Fig. 2
figure 2

The posterior capsule opacity were treated by YAG laser at 6 months after cataract surgery


The currently reported incidence of cataract in patients with congenital aniridia is approximately 50–85% [12]. Most researchers believe congenital aniridia complicated with cataract does not need to be treated when lens opacity and its effects on the visual acuity are mild. These patients can wear colored contact lens to relieve photophobia symptoms. However, the lens opacity may often progress and impact vision, which requires surgery. Due to the congenital structural anomalies and increased complications associated with cataract surgery in this group, careful preoperative planning should be done. Li et al. [13] performed cataract surgery in 12 patients (24 eyes) with congenital aniridia. Most patients had some improvement in visual acuity and quality.

In our study, no lens dislocation occurred. CTR implantation was performed to stabilize the zonules and prevent intraocular lens dislocation in the future. Postoperative visual acuity generally improved.

In hopes of avoiding secondary glaucoma, corneal endothelial decompensation or other complications, as well as to alleviate the postoperative symptoms of photophobia, the CCC diameters in this group of patients were less than 6 mm. The anterior capsule may form an artificial pupil after fibrosis at 12 months after the PCO treated by YAG laser (Fig. 3). Moreover, the light absorbing yellow posterior chamber IOL may exert some light-shielding effects. Wearing cosmetic contact lenses postoperatively can also alleviate some of the photophobic symptoms. There were no instances of secondary glaucoma or corneal endothelial decompensation in our case series.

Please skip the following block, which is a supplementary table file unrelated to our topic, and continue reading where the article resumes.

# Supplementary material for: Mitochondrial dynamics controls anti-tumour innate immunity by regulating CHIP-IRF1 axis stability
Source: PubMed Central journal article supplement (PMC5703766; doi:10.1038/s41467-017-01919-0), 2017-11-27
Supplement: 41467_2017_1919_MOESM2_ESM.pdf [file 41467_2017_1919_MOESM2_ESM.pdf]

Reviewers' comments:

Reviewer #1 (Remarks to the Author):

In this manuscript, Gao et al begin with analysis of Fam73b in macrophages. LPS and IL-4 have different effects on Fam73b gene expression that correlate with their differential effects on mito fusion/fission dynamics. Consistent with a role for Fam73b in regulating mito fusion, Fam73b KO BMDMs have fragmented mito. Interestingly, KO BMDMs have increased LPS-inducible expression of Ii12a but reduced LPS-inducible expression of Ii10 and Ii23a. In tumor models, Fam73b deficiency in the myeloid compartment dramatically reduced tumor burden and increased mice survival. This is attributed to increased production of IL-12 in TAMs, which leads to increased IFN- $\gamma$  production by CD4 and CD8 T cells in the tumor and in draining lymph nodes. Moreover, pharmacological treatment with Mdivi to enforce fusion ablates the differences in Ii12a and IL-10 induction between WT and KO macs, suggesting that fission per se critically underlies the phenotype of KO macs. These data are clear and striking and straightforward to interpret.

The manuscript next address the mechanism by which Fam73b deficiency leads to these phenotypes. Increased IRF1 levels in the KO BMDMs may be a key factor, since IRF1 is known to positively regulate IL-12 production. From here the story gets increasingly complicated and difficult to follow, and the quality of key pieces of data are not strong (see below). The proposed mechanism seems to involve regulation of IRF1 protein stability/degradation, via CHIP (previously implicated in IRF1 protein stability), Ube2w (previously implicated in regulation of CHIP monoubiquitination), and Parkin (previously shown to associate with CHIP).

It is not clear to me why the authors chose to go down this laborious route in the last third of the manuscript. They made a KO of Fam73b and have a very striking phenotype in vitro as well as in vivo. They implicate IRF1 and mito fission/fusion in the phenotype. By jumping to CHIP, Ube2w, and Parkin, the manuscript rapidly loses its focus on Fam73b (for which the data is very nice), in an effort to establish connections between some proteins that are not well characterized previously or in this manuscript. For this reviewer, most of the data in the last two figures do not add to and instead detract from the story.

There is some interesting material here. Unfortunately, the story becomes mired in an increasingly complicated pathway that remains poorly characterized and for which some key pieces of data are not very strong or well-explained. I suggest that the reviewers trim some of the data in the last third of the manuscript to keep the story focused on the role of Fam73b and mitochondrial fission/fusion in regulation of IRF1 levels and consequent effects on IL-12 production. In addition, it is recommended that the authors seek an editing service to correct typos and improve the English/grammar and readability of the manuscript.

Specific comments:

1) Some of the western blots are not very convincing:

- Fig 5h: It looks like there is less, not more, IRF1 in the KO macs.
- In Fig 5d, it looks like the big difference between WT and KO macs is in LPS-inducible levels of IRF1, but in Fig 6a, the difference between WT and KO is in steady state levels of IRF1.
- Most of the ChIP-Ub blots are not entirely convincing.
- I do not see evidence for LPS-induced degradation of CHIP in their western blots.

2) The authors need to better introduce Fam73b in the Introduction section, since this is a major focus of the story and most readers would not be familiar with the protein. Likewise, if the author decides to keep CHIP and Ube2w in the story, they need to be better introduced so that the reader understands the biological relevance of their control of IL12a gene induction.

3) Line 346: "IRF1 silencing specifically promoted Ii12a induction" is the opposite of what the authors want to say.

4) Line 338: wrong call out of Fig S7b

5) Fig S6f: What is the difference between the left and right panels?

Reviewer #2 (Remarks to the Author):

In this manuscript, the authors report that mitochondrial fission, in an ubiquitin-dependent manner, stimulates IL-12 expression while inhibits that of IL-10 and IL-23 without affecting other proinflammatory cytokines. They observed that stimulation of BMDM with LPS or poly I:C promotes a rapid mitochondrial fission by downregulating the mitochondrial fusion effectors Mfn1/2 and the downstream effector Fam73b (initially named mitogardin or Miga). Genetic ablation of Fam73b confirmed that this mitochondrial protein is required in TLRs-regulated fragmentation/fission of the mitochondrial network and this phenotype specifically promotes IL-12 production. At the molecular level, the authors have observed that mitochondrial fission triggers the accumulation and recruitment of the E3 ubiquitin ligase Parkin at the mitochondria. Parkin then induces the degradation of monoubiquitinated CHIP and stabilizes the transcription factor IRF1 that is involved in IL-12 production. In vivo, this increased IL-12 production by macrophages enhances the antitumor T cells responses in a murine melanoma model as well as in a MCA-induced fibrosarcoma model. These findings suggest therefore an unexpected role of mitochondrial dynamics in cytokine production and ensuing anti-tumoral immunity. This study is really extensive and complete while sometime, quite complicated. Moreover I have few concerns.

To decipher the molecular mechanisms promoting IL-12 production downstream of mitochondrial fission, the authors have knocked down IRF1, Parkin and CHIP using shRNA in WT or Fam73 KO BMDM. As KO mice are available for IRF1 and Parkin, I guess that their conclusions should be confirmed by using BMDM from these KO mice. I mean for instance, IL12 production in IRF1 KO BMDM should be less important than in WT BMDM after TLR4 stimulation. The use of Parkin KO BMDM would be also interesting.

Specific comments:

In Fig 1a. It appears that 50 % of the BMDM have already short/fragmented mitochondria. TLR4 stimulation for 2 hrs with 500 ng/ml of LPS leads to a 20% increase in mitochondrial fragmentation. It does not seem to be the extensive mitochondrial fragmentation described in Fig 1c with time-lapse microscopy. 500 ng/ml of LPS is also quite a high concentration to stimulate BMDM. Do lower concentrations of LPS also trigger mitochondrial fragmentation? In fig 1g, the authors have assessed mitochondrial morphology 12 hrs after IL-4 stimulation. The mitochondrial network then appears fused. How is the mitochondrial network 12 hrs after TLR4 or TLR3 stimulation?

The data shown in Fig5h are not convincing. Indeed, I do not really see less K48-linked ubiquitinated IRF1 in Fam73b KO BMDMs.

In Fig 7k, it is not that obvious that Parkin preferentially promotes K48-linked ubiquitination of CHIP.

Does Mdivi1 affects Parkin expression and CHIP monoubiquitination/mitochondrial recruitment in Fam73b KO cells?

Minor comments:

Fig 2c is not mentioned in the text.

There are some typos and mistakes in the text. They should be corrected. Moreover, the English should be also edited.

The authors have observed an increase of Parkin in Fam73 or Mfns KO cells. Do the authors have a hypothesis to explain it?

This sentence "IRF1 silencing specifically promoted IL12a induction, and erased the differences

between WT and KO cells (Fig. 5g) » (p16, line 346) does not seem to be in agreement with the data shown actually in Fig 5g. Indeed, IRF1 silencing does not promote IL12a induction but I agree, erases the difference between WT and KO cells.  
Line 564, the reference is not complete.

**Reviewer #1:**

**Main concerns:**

Fig. 3
figure 3

The artificial pupil formed at 12 months after the PCO treated by YAG laser

While iris prosthetic devices have been used to reduce the postoperative photophobic symptoms in patients with congenital aniridia and cataract, it was found to be associated with postoperative secondary glaucoma and corneal endothelial decompensation after long-term follow-up [6, 11, 14,15,16,17]. Reinhard et al. [11] reported outcomes of black diaphragm IOL implantation in 19 eyes with congenital aniridia. Deterioration in glaucoma occurred postoperatively in 4 out of 5 eyes with preoperative glaucoma whereas 4 out of 14 eyes without preoperative glaucoma developed postoperative chronic glaucoma. It was postulated that although glaucoma is a common endogenous complication of congenital aniridia [18], the blood–aqueous barrier (BAB) may be altered by the black diaphragm aniridia IOL thereby accelerating glaucoma progression.